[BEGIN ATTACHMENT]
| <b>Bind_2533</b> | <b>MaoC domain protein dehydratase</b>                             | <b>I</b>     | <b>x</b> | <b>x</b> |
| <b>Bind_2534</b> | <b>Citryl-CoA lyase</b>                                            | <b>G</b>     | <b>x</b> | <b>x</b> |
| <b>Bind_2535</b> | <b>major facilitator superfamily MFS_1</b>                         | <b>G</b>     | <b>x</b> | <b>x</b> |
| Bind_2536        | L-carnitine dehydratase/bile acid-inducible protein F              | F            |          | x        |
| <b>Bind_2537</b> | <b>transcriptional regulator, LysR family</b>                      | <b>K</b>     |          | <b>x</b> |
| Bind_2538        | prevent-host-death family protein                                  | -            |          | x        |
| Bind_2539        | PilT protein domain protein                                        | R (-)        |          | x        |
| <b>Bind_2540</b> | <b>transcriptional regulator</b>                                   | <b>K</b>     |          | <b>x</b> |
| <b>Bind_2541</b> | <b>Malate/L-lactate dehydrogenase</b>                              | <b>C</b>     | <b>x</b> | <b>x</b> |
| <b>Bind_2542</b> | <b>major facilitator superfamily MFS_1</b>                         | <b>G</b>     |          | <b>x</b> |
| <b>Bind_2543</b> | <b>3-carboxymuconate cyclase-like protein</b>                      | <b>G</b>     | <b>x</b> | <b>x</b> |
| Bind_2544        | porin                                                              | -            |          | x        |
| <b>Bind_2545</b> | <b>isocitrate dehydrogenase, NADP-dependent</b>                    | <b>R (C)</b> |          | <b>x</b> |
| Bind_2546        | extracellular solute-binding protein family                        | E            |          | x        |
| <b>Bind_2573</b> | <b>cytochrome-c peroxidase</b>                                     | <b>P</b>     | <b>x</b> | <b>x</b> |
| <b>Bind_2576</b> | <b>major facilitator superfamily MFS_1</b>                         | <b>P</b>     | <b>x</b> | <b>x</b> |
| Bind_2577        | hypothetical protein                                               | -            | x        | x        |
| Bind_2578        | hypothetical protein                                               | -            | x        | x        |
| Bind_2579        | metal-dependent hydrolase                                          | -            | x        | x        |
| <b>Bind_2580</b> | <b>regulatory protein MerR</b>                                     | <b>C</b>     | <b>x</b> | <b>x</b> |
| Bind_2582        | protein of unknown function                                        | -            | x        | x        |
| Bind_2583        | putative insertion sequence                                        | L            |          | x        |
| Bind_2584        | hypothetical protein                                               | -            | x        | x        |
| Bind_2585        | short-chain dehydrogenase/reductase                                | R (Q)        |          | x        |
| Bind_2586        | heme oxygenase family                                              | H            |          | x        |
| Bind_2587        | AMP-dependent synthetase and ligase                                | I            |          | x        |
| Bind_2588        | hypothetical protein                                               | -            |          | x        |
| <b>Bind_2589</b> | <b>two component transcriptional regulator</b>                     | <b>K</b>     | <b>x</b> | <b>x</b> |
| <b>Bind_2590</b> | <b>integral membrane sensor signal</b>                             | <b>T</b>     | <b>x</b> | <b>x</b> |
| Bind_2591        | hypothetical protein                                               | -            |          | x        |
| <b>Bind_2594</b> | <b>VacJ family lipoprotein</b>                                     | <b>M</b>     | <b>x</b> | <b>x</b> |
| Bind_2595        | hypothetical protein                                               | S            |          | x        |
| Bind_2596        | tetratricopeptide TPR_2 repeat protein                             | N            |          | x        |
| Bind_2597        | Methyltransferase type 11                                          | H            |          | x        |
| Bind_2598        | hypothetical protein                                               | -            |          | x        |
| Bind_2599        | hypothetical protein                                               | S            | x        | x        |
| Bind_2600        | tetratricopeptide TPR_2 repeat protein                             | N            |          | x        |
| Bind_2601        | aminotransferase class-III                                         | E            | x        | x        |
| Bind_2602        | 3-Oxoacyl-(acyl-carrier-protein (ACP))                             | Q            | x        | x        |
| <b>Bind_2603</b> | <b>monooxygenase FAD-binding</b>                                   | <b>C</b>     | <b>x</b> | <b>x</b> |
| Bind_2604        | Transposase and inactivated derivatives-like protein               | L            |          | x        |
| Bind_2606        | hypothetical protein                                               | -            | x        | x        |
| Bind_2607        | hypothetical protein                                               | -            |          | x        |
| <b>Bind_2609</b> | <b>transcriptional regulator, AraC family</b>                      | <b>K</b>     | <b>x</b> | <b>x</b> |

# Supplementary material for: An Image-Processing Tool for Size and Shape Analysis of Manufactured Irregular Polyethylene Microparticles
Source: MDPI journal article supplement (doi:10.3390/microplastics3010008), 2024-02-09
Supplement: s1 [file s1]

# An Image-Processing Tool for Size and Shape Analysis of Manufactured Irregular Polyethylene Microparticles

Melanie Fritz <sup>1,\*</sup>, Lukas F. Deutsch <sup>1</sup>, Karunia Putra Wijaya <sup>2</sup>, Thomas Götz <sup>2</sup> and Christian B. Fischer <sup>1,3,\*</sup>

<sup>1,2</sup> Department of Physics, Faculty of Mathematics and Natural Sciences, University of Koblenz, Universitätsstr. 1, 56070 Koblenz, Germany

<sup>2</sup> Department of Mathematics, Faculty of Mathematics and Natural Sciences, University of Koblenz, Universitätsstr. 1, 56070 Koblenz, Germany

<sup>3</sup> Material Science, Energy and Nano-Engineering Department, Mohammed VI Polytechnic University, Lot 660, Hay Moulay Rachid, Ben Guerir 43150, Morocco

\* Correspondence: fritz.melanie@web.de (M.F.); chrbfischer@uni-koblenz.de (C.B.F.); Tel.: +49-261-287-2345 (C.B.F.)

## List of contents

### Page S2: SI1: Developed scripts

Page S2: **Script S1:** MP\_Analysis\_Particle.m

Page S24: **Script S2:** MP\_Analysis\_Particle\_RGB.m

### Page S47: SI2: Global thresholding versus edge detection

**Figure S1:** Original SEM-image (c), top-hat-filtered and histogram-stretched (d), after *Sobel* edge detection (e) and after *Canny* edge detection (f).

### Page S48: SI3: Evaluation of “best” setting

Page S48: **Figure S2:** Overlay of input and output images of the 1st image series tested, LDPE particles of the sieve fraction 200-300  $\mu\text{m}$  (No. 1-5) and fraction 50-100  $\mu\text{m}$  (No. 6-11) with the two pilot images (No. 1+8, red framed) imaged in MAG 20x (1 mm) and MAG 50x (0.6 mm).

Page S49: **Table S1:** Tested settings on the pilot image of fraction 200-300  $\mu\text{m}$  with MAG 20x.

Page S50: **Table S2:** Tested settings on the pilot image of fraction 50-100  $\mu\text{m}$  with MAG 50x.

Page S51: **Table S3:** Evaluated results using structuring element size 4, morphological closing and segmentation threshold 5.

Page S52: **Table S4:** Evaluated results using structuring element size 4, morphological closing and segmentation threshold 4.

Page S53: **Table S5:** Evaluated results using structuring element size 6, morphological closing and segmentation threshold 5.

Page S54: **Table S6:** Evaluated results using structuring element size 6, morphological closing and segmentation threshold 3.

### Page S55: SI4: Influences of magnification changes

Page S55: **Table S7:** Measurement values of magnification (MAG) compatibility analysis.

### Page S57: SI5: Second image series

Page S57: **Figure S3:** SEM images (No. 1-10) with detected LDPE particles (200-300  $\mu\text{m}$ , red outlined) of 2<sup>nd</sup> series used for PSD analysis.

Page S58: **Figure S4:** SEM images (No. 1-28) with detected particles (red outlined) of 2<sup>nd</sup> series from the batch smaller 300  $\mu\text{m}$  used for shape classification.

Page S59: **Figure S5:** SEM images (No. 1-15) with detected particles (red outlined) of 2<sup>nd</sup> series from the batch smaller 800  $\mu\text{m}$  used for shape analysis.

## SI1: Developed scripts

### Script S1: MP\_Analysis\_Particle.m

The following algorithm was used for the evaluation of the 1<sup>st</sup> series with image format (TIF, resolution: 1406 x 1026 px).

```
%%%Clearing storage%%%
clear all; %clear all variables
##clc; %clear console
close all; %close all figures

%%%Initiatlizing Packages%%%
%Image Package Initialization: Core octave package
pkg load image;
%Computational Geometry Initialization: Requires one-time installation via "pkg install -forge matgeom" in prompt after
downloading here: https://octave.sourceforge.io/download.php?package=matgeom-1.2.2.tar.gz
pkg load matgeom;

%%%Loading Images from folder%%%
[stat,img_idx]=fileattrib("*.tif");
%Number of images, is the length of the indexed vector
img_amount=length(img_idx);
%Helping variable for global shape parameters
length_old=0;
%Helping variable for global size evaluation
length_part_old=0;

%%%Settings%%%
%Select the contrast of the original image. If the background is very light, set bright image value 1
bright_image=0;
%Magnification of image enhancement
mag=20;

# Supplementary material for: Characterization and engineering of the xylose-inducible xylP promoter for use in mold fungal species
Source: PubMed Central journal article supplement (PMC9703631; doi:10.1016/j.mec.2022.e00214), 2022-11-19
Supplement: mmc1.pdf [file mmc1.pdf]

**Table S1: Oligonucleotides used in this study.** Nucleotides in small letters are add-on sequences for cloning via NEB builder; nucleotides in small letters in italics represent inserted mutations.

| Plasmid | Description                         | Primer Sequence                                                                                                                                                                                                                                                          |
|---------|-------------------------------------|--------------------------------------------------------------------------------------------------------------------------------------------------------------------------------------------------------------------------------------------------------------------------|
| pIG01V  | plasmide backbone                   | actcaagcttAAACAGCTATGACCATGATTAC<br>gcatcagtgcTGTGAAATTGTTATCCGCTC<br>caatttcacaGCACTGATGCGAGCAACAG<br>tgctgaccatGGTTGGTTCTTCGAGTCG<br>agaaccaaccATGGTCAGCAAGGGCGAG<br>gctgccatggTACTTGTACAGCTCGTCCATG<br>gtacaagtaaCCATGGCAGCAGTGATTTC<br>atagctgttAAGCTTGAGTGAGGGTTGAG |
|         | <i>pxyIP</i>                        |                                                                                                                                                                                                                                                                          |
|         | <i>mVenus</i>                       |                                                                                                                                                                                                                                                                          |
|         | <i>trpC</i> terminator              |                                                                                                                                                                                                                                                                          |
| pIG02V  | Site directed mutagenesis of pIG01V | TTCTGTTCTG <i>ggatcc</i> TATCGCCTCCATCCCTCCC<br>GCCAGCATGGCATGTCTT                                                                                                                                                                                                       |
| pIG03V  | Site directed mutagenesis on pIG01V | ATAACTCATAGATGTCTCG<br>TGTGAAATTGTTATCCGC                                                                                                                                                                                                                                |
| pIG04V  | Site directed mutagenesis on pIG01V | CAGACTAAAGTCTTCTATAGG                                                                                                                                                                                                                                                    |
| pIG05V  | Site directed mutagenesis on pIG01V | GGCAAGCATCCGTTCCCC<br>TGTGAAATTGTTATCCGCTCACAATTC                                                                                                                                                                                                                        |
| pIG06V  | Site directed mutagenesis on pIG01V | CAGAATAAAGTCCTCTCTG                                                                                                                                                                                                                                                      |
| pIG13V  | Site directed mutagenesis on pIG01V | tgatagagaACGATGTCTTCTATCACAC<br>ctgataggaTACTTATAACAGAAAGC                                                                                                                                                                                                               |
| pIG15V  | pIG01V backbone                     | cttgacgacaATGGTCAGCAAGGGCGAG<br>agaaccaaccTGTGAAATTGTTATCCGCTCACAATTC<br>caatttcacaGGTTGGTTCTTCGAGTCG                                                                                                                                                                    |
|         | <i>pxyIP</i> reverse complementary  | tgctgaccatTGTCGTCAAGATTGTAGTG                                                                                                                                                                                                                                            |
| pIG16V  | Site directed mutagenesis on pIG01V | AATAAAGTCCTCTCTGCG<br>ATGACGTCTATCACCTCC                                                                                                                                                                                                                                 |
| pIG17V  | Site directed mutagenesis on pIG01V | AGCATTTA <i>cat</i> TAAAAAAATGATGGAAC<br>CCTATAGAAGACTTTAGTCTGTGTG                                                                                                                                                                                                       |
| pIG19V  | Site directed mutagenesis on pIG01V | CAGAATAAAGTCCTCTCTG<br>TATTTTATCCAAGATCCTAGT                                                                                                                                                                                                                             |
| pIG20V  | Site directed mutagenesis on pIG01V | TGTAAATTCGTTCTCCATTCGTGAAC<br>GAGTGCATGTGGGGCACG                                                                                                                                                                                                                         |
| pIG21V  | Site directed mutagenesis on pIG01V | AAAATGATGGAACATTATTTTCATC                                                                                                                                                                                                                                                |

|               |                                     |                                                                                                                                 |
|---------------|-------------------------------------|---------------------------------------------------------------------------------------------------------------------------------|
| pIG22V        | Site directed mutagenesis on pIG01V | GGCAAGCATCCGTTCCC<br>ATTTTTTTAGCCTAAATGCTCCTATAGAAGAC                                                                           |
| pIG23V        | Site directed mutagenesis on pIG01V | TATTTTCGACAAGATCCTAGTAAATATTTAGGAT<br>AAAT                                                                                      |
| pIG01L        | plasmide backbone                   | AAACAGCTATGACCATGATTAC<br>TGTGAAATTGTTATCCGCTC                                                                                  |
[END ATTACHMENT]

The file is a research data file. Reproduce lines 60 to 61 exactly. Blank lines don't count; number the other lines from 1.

### Page S48: SI3: Evaluation of “best” setting

Page S48: **Figure S2:** Overlay of input and output images of the 1st image series tested, LDPE particles of the sieve fraction 200-300  $\mu\text{m}$  (No. 1-5) and fraction 50-100  $\mu\text{m}$  (No. 6-11) with the two pilot images (No. 1+8, red framed) imaged in MAG 20x (1 mm) and MAG 50x (0.6 mm).